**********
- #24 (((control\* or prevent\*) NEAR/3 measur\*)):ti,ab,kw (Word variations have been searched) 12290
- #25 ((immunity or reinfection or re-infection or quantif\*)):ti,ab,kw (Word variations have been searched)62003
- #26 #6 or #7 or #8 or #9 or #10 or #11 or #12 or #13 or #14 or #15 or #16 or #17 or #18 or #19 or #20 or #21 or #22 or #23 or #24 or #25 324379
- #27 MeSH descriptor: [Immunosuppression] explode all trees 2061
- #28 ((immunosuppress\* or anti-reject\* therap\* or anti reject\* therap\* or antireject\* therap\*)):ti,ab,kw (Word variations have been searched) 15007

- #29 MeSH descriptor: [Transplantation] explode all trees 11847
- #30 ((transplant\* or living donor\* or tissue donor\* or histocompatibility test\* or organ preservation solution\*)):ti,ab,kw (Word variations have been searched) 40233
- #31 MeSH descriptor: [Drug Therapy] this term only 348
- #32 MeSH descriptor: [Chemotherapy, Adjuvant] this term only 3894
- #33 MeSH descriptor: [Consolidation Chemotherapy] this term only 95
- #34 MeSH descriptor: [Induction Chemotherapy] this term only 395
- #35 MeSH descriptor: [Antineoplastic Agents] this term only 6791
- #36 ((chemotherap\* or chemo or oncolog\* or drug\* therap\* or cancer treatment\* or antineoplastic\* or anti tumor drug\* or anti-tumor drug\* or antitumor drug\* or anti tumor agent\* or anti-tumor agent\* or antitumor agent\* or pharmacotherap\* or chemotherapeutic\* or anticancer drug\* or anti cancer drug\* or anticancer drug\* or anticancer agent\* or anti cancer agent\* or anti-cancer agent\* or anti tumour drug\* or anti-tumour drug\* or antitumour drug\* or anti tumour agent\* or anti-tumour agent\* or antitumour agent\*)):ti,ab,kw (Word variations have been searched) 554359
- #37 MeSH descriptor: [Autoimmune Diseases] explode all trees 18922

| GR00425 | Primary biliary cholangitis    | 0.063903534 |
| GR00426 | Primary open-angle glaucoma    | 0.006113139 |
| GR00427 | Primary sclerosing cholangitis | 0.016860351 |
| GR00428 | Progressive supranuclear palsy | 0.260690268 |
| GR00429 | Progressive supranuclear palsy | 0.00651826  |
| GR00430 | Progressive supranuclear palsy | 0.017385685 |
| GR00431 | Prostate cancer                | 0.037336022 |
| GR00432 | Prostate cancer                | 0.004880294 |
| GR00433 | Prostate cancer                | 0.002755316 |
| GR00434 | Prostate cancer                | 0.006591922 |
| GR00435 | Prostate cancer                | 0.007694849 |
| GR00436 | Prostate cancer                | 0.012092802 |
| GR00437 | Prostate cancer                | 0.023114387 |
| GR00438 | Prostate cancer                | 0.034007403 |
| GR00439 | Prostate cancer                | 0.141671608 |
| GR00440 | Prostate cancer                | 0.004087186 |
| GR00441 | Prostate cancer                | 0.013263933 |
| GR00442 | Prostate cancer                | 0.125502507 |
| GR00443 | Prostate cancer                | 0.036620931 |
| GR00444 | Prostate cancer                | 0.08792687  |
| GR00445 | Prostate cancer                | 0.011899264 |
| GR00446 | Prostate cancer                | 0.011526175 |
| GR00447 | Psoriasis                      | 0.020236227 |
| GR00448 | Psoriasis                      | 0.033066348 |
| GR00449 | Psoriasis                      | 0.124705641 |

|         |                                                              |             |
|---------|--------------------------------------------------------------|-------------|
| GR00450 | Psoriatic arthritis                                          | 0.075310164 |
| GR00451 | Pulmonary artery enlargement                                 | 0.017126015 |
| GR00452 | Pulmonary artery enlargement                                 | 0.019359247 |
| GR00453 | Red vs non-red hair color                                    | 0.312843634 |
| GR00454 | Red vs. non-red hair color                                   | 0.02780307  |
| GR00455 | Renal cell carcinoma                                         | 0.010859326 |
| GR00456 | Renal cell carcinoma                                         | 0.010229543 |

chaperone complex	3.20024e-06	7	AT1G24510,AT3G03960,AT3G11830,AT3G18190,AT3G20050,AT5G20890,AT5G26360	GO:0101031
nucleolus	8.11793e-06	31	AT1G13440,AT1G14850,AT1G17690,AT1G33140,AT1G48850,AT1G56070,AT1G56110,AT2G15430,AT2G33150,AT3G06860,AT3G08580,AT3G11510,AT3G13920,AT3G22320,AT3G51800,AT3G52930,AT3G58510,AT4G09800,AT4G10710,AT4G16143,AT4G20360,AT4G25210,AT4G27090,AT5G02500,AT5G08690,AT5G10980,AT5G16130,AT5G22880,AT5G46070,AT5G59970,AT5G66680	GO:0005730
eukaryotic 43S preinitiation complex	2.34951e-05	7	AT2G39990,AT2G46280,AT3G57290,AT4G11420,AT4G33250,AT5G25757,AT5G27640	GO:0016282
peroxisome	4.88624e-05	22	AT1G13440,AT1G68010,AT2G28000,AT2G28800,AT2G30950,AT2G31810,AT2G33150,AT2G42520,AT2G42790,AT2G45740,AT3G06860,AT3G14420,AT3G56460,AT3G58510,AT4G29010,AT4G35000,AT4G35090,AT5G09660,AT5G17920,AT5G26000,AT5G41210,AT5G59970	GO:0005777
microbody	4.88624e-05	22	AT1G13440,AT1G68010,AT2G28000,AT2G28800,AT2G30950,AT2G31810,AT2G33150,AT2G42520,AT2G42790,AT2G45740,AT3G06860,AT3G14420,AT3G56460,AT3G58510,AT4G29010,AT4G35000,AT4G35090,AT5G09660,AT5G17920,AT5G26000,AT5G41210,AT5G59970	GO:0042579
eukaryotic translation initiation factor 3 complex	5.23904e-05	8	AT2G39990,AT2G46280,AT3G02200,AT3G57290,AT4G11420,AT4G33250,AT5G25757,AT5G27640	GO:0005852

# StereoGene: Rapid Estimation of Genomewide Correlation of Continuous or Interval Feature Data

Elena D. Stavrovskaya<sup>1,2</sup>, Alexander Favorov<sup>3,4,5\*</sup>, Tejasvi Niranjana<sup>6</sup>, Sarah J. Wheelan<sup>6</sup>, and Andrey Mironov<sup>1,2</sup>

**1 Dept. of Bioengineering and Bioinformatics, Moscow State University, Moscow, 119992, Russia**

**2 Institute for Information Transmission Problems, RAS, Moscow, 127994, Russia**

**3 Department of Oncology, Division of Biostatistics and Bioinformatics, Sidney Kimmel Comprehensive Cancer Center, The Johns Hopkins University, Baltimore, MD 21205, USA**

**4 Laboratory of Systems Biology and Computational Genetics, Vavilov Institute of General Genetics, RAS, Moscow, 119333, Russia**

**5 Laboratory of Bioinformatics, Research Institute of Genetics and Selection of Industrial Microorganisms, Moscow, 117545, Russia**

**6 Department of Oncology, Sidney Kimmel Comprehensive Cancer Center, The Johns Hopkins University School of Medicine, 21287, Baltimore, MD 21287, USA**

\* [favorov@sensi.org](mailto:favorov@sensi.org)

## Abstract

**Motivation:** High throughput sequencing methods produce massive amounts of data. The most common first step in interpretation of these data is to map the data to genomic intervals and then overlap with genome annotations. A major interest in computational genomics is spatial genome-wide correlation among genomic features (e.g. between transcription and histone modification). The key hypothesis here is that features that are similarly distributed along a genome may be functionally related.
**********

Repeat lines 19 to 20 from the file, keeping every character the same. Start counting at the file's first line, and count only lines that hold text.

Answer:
| GR00429 | Progressive supranuclear palsy | 0.00651826  |
| GR00430 | Progressive supranuclear palsy | 0.017385685 |